Last year in the UK over 60,000 cancer patients enrolled on clinical trials aimed at improving cancer treatments and making them available to all.
A study looking at the microbiome in the body and if it can show how well immunotherapy works and who might get side effects (MITRE)
The natural bacteria that lives in your mouth and gut is the microbiome. It can affect how the immune system works.
The immune system fights infection and diseases such as cancer.
This trial is for people with cancer that has spread (advanced cancer).
More about this trial
A checkpoint inhibitor is one type of immunotherapy.
These drugs work well for some cancers. But they don’t work for everyone and cause side effects. For some people these side effects can be life threatening.
Researchers are looking for ways to try and find out who might benefit from having these drugs and who might have bad side effects. They will do this by looking for substances (
- poo (stool)
- mouth swab
- sample of your cancer tissue, if available
- sample of tissue from the body part affected by a severe side effect, if available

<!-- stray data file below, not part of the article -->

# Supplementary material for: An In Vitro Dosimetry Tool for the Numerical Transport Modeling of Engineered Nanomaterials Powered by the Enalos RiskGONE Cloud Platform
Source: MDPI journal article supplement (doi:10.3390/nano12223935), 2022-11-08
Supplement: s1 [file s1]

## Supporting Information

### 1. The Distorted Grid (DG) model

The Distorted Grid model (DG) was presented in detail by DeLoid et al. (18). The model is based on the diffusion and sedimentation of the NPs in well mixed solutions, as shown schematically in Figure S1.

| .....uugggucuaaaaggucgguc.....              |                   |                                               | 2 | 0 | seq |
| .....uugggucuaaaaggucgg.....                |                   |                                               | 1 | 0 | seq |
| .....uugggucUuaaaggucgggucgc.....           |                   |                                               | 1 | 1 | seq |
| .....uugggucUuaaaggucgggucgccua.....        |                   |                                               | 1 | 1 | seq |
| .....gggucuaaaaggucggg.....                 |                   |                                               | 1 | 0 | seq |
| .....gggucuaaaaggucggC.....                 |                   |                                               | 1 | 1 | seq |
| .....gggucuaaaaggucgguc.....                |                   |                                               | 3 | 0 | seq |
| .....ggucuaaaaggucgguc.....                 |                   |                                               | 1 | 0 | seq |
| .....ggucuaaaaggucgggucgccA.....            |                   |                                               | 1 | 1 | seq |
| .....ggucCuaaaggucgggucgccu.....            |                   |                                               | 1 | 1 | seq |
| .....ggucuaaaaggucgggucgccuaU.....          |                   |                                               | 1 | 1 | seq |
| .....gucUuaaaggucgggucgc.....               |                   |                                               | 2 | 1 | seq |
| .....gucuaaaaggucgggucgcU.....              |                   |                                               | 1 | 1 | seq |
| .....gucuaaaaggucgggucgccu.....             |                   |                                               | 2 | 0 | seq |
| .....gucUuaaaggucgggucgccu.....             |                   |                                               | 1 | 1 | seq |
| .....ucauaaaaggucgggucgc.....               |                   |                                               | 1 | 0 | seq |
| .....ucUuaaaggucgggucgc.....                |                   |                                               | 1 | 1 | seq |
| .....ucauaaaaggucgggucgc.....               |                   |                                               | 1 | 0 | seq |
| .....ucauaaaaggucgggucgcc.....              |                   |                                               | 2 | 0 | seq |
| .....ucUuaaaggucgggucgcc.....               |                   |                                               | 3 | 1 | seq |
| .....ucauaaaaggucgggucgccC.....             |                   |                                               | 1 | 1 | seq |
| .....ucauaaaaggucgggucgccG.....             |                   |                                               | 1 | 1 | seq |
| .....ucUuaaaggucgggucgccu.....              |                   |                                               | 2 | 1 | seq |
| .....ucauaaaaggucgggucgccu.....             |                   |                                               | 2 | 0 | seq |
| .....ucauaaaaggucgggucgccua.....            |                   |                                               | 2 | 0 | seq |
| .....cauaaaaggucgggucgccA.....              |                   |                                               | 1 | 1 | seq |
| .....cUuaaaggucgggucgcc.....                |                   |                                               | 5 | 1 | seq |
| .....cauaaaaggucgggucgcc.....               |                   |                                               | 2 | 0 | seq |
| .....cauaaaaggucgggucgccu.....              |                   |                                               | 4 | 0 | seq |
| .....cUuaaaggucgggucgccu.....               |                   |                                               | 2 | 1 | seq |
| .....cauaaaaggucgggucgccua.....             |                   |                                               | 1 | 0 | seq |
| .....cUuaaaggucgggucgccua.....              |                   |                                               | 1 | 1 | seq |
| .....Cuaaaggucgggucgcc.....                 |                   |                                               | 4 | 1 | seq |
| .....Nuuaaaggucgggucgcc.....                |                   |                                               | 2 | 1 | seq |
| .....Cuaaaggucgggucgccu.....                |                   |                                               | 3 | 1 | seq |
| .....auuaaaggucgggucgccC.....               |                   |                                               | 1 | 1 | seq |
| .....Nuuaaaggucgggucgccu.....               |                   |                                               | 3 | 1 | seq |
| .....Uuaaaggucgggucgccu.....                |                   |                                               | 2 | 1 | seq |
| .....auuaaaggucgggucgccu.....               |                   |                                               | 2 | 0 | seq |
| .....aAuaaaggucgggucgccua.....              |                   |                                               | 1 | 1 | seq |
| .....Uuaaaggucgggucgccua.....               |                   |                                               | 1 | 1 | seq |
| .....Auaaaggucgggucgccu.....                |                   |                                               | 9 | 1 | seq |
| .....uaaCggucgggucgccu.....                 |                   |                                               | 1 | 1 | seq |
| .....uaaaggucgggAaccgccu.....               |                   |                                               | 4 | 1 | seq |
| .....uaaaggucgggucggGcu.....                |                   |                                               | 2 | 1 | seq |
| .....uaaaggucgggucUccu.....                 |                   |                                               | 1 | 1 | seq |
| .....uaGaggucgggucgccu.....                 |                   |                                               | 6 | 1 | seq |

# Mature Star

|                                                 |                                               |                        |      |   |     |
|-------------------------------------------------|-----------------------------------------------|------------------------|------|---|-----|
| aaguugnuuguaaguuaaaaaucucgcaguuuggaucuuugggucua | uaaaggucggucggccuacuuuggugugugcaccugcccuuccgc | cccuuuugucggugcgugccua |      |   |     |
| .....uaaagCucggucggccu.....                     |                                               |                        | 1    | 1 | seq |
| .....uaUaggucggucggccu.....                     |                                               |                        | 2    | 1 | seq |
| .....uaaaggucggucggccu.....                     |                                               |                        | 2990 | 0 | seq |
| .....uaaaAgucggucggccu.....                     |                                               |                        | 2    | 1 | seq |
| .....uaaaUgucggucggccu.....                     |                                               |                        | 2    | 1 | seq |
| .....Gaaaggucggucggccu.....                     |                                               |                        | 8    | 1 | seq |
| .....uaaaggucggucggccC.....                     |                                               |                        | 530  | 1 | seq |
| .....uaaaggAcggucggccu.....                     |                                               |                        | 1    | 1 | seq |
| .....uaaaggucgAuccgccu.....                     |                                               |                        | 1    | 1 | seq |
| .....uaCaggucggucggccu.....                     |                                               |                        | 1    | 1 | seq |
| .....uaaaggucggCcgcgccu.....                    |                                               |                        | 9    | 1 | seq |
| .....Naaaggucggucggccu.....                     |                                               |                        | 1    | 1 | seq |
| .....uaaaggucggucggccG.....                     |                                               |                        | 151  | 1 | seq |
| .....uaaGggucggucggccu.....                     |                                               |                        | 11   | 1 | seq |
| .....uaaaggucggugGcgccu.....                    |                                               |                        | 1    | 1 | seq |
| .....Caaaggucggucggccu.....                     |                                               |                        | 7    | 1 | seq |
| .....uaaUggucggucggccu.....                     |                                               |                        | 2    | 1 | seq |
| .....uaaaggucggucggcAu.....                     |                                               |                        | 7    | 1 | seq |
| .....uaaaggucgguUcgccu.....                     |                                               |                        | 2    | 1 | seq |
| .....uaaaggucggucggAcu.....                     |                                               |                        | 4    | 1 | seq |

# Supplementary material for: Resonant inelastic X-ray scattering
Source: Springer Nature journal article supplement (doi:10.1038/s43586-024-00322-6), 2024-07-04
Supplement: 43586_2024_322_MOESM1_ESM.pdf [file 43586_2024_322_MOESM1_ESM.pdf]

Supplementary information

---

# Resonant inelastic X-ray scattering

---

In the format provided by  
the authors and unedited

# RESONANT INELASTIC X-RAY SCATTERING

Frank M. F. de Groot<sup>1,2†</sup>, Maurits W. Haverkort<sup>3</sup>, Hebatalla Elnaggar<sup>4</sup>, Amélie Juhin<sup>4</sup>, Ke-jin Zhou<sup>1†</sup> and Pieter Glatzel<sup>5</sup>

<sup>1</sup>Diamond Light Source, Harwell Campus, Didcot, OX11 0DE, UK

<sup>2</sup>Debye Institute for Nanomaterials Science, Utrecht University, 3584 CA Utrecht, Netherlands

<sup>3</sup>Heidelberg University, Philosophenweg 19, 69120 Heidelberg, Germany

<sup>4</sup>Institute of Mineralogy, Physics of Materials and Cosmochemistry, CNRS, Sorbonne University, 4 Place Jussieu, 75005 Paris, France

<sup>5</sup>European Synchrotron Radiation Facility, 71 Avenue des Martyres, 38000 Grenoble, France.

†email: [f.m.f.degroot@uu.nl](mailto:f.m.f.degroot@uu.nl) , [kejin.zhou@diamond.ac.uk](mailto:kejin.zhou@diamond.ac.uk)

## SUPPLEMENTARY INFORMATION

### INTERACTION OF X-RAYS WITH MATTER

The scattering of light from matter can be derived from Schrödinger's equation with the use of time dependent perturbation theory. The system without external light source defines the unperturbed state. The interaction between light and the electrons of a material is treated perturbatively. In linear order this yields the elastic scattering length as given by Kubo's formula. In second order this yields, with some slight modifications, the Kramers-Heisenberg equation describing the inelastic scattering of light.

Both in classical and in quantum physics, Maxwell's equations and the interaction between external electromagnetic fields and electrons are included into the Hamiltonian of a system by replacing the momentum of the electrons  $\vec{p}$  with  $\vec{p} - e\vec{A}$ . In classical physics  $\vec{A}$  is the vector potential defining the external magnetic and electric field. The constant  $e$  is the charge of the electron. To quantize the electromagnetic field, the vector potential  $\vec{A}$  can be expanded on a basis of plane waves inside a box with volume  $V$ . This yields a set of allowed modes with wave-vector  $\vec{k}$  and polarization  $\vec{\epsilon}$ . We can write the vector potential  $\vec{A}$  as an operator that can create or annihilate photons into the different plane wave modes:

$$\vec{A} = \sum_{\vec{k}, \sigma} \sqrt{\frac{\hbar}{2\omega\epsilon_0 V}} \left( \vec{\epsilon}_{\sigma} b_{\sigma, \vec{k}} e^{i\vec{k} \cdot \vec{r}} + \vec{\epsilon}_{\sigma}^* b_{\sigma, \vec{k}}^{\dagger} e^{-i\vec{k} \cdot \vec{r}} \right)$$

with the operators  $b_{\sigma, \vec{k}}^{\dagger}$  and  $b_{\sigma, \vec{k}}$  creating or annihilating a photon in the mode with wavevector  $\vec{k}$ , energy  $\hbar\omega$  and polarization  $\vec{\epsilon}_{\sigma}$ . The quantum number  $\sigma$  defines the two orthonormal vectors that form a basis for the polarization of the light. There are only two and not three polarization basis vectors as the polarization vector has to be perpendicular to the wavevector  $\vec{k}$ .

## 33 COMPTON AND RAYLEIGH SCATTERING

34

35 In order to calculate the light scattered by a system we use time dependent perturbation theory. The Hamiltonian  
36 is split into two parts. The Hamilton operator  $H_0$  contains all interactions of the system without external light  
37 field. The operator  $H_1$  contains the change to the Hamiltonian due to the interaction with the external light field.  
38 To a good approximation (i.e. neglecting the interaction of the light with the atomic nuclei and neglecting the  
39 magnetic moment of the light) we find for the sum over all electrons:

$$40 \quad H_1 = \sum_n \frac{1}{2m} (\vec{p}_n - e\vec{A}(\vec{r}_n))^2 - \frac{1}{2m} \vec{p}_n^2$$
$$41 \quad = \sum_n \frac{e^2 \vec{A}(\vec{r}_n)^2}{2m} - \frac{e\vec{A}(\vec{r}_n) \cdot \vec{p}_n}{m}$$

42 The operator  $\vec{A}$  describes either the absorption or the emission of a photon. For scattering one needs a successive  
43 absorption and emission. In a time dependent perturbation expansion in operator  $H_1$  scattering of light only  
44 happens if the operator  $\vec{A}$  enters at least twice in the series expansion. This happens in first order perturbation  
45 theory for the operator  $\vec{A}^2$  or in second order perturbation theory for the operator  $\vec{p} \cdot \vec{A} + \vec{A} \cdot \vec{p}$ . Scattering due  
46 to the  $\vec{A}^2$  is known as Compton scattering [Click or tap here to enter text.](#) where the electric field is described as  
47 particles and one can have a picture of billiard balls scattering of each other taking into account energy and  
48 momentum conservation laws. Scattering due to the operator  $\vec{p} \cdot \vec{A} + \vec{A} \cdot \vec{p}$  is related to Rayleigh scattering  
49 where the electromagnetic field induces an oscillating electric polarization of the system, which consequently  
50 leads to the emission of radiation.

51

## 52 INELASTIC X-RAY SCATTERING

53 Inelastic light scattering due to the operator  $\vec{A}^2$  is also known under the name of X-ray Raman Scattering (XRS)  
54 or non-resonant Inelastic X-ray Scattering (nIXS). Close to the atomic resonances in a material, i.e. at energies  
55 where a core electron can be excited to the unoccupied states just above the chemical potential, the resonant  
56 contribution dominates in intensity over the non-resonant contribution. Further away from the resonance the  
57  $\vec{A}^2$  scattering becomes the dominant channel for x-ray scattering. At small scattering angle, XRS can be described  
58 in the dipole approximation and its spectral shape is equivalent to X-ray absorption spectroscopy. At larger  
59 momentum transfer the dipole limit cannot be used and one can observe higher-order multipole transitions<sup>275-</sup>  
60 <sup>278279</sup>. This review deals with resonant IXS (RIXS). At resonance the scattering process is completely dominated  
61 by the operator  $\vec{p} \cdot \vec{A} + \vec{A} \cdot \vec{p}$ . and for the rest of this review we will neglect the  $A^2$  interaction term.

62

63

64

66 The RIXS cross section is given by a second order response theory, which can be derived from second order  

In this study researchers are looking for people with cancer who are having a checkpoint inhibitor. They are also looking for people who don’t have cancer. For this they are asking people who live in the same household for samples (poo, mouth swab and blood) as well. The microbiome samples from these people should be similar to those of the cancer patients. And so will act as a reference for microbiomes for the patient they live with.
The main aim of this trial is to find out whether the gut microbiome can predict how well checkpoint inhibitors can work for people with advanced cancer.
Who can enter
The following bullet points list the entry conditions for this study. Talk to your doctor or the study if you are unsure about any of these. They will be able to advise you.